Electronic health (eHealth) solutions are expected to empower patients and maintain or improve health outcomes, while generating cost-effective gains and lowering primary health care professionals’ workload [, ]. However, it appears to be difficult to embed them in daily health care routines [ ]. Often, use of eHealth services stops when research projects are finished, even when successful. Moreover, there is still uncertainty about their effectiveness in daily practice [ , , ]. Therefore, the success rate to date of eHealth in primary health care is low [ ]. Current evidence on eHealth and care technologies is mainly based on clinical trials and isolated eHealth applications. Van Gemert-Pijnen et al (2011) suggest that evaluations should not focus exclusively on measuring outcome variables (via randomized controlled trials) but should also include in-depth process data concerning the usage of eHealth [ ].
It is suggested that successful implementation of eHealth asks for a complex innovation approach . Numerous factors are related to its success, including characteristics of the end users, the function and usability of the intervention, the technical infrastructure, change management of health care organizations, the health care system, and financial business models [ , , , ]. It can be stated that 4 groups of stakeholders are responsible for a successful implementation of eHealth solutions: patients, health care professionals, entrepreneurs, and those responsible for health care policy (policy makers and health care insurers) [ ]. Eysenbach (2001) stated in 2001 that eHealth is an emerging field at the intersection of medical informatics, public health, and businesses [ ]. However, literature combining the views of these different fields and describing their challenges systematically is scarce.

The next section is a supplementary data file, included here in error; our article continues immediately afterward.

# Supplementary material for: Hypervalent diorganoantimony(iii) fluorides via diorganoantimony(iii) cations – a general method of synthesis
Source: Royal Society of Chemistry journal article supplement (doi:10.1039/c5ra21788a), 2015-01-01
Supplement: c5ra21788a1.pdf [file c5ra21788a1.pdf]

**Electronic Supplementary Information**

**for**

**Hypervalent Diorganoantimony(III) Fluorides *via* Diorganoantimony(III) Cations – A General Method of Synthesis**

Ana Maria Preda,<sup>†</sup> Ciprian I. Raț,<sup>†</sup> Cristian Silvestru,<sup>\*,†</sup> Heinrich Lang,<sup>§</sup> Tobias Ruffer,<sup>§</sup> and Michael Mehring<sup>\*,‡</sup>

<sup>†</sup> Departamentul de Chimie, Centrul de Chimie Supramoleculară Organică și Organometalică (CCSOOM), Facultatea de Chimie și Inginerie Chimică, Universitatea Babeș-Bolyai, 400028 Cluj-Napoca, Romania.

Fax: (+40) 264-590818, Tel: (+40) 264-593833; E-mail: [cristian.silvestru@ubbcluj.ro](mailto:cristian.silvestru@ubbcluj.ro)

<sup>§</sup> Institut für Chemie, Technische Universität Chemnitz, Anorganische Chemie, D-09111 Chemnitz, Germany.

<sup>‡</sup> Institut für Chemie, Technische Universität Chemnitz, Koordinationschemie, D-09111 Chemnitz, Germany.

With this paper, we aim to fill this gap and will describe the challenges that arose when patients, health care professionals, and entrepreneurs collaborated in a Living Lab setting to select, integrate, implement, and evaluate eHealth in primary health care. Hereby, our aim is not to test the relationships and interactions between different factors and stakeholders. Rather, we aim to show, in a qualitative way, the process of adoption of eHealth in primary care from the perspective of different stakeholders. This provides a real-world view on how such a process occurs, including successes and failures related to the different perspectives. Our paper serves as an illustration that underlines the importance of including all 4 stakeholders, having a shared vision statement, and enabling all partners to invest time or money, as only then can the expected potential of eHealth solutions be reached. After providing the rationale for our Living Lab project and a short description of our methods, we reflect upon our findings in 4 sections—patients as stakeholders; health care professionals as stakeholders; entrepreneurs as stakeholders; and health care insurers and policy makers as stakeholders. On the basis of these findings, we have been able to develop lessons learned, which seem to be important in positively shaping the outcome of eHealth implementation and adoption in future primary health care.
Rationale for the Living Lab Project “eLabEL”
In 2012-2013, when writing the grant proposal for the eLabEL project, it was already known that much of the eHealth technology being developed did not reach primary care practice because of a suboptimal fit between the needs in primary care and the technical solutions . Simultaneously, there was very little knowledge about what it takes to bring such technologies into practice.